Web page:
Theatrical, crazy, sad, disturbing, hilarious, veering from the melodramatic
to the profanely exhilarating, the Dresden Dolls invite a music writer
to come up with a whole host of adjectives in an attempt to capture not
just their sound, but their entire act. The words above are easy enough
to conjure up, yet do not quite do justice to how unique the duo is,
how the two make innovation seem so effortless.
The Dresden Dolls are made up of Boston-based Amanda Palmer and Brian Viglione, intriguingly pictured on the front cover of their eponymous album posing cheek to cheek in a tango-like embrace. Palmer, the vocalist, pianist and songwriter, is clad in a short black dress and striped black-and-white stockings. Viglione, the drummer, wears a bowler hat, suit and tie (though his shirt and tie are eventually jettisoned during live shows). Both have faces that are heavily covered in stage makeup, the kind that perhaps mimes would wear.
Together they are a quirky, firebrand twosome, producing what the band itself describes as "Brechtian punk cabaret." Their image is crucial to their act, but not in a calculated Oops...I Did It Again-era Britney Spears sort of way, with the singer wearing a sweet, aw-shucks smile and dangerously low hip-hugger jeans to project innocent sexiness.
The arty black-and-white photographs of doll heads in teacups and Palmer and
Viglione profiled in severe eyeliner and whiteface are not image compensating
for a lack of substance, but set the mood for the kind of music in store for
listener. The songs sometimes playful and whimsical, others more haunting
and disturbing feature Palmer's cracked Dolls persona having a preadolescent
obsession with a skuzzy Humbert Humbert type, referring to herself as "the world's
worst accident," and wanting a plastic, coin-operated boy because he's easier
to deal with than the real thing. The Dolls produce the type of songs that don't
easily fit any one genre and are the better for it: they definitely rock, yet
have gorgeous melodies that stick in your head for days; they're heartfelt, but
also don't ask to be taken too seriously.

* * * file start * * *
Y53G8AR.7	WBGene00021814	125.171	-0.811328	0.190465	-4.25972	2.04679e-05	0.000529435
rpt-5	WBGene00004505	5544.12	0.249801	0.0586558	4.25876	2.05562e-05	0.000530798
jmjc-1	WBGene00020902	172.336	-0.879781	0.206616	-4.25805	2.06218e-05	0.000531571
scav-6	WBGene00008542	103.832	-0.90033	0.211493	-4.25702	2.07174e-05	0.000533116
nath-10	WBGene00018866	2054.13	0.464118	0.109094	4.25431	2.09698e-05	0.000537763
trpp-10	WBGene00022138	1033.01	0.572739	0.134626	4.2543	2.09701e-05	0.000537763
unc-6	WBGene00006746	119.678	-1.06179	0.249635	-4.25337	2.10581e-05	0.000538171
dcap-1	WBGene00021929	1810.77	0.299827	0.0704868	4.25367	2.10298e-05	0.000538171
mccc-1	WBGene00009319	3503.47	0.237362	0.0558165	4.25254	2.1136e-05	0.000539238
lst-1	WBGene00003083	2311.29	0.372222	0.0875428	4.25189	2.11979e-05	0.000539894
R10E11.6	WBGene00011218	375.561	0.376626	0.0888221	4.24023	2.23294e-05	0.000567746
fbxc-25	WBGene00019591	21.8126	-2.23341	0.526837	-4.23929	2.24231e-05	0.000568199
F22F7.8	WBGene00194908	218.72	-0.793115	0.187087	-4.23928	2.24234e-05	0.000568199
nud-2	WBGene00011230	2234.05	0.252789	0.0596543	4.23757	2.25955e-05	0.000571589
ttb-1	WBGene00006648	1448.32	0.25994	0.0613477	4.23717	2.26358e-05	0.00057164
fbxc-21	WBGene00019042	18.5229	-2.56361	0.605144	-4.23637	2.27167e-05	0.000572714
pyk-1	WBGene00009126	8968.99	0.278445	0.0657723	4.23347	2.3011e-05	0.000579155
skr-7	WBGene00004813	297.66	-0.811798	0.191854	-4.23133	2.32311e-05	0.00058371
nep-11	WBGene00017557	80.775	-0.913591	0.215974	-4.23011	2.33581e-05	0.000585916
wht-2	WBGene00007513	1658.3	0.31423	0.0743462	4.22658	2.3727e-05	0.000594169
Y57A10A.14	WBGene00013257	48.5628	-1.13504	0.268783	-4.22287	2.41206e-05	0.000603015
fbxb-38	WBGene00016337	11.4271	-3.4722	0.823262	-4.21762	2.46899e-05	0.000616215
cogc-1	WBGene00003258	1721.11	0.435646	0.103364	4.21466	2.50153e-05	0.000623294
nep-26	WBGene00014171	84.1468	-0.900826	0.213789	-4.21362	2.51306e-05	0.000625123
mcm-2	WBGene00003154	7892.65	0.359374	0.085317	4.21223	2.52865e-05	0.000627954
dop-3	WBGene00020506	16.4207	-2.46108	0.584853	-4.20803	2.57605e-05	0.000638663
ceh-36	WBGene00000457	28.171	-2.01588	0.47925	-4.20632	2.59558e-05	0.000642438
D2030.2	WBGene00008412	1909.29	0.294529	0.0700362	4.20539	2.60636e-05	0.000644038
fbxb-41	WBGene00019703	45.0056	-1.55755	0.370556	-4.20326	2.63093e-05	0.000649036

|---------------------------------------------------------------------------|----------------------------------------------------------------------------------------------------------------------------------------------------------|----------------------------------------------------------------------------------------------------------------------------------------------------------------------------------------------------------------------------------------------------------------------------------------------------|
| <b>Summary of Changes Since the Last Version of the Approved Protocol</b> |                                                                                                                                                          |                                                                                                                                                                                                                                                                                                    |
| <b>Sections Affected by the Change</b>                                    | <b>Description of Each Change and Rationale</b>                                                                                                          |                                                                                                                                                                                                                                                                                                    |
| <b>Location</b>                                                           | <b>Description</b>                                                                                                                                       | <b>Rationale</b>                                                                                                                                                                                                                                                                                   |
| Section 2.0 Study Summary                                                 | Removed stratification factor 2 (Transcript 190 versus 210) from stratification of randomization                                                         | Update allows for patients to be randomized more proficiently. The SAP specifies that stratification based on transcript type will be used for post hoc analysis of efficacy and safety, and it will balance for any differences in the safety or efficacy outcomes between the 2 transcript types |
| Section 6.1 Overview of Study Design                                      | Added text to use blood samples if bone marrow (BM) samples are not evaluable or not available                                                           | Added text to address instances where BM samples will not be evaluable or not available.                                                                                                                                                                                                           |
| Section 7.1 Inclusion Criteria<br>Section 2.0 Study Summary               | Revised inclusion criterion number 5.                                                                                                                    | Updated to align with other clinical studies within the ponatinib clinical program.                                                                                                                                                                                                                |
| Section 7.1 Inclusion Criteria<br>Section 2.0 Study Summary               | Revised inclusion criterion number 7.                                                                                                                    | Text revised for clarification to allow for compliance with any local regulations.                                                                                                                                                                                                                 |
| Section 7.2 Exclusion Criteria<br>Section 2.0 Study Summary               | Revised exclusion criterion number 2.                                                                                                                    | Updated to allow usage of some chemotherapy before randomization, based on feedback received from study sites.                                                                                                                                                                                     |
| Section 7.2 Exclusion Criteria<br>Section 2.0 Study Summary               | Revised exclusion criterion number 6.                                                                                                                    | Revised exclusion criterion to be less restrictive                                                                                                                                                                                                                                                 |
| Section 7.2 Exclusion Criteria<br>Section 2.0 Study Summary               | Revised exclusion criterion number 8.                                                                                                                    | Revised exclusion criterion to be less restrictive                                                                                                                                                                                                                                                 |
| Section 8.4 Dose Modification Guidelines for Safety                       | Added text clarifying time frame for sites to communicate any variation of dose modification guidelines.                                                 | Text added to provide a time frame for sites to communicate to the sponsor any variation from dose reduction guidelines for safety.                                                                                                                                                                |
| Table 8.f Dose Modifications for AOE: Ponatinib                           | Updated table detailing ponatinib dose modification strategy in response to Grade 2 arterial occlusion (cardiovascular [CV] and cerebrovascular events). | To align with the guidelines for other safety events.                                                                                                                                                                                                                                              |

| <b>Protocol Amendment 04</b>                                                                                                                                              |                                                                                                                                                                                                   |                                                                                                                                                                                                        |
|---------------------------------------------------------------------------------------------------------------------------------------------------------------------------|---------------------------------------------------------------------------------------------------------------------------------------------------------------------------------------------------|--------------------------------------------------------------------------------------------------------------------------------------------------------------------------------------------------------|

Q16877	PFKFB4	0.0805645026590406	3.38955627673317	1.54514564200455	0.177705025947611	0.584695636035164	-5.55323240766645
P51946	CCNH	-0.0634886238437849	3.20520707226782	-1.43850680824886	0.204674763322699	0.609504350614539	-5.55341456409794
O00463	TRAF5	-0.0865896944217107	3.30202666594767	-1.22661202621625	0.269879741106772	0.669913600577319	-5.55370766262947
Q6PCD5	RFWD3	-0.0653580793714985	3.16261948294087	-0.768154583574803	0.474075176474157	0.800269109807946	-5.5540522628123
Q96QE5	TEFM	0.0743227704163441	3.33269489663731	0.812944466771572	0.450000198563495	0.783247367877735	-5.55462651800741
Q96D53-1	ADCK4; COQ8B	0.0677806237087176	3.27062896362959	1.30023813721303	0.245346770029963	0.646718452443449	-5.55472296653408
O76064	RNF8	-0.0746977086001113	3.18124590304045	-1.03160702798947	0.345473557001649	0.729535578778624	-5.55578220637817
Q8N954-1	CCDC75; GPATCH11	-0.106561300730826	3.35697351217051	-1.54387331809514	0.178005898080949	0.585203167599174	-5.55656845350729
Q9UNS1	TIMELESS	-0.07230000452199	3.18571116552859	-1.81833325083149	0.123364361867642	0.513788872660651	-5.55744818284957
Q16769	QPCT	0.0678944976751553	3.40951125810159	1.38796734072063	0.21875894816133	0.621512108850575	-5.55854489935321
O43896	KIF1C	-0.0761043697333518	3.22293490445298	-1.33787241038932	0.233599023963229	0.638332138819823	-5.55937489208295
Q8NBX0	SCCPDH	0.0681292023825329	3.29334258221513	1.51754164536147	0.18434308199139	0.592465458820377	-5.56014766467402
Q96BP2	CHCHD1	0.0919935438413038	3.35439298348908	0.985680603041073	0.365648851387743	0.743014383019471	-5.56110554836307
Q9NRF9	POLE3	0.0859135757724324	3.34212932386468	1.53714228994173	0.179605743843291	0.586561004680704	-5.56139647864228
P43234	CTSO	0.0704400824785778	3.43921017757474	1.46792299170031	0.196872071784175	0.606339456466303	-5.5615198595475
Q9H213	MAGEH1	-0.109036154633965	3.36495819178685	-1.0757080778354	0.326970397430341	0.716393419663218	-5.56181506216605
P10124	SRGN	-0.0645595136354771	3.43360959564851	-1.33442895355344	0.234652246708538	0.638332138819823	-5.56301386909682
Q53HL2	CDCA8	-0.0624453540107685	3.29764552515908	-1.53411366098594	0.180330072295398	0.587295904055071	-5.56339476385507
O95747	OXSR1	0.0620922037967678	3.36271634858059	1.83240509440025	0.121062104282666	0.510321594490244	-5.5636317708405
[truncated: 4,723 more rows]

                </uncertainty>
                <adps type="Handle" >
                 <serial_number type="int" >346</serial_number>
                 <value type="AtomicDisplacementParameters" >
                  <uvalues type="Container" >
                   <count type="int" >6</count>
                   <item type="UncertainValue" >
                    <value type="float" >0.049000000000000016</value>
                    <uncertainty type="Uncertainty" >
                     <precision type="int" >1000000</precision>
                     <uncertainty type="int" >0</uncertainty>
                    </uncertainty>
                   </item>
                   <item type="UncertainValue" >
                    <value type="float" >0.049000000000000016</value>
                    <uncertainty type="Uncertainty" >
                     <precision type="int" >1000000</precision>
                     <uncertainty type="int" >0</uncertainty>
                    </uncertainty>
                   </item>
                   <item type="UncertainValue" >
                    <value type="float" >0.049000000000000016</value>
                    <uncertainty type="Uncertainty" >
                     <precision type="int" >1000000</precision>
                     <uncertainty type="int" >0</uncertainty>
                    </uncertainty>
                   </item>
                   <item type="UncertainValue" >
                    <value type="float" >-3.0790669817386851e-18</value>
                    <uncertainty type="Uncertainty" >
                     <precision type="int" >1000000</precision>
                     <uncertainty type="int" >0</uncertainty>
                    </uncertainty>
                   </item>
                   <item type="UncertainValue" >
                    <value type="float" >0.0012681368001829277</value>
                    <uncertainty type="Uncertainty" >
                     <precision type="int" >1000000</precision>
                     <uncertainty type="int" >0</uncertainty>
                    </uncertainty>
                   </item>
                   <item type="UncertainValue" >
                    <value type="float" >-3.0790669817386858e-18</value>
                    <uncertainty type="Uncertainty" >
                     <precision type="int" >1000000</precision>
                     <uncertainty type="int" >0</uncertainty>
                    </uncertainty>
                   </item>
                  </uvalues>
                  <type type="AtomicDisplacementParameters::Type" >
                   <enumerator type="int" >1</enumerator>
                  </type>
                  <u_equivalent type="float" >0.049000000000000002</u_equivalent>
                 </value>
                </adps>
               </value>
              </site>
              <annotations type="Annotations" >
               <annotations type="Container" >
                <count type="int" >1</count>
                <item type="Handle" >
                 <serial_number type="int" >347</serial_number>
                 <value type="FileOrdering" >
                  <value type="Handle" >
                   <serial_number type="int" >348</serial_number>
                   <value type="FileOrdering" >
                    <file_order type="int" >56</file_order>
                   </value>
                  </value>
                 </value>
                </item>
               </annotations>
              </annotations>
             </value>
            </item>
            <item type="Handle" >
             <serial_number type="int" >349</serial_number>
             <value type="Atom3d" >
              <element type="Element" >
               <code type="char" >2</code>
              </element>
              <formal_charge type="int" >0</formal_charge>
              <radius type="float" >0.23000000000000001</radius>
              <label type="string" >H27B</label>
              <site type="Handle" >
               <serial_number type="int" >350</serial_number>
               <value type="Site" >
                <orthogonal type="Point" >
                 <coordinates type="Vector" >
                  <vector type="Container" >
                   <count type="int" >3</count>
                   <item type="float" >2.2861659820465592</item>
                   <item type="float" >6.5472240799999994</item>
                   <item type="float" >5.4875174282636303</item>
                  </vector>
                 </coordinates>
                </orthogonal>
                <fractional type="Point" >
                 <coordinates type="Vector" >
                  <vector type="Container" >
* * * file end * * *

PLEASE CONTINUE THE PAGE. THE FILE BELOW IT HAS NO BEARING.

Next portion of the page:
Standout tracks include the opening "Good Day," in which Palmer's whispery vocals explode into a cathartic happy-angry yelp to an ex about how "things are going [her] way" since their breakup. "Coin-Operated Boy" is instant pleasure, a tinkling ditty that is both catchy and undeniable, as is the "Jeep Song," a poppy, rollicking tune chronicling someone's Jeep phobia after she thinks she sees her ex-boyfriend's Jeep (understandable, because as a Beantown resident I can attest to the fact that "All of Boston drives/ The same black fucking truck").
"Girl Anachronism" spills out the lyrics in a manic, rapid-fire pace to echo the character's anger and instability, a raucous rock song that when performed live reveals the amazing chemistry Palmer and Viglione share, incredibly in tune with each other as they thrash about on their respective instruments. At times, Palmer comes close to sounding like a punky, histrionic Tori Amos, and on "Missed Me," she's in danger of becoming slightly unbearable with the song's prolonged, misery-crazed repetition of the chorus. In the same vein, "Half-Jack" isn't a favorite of mine on the album, but performed live it transformed my experience of the song. Whereas on the album, the repetition of the chorus was starting to seem a bit tedious, when I heard it performed live I could appreciate the way the chorus snakes and builds to a startling musical climax, ending with the shiver-inducing scream of "See Jack run."
The album contains a lot of dark, edgy tunes, all of which are high quality, but hearing the off-kilter "Mandy Goes to Medical School" and fan favorite "Coin-Operated Boy" performed live makes me wish they had balanced the album with more quirky, lighter fare. But that is a minor quibble, because after hearing this album I know the Dresden Dolls have a long musical career ahead of them, allotting them plenty of time to create all sorts of songs of crazy beauty, chaotic whimsy and wonder.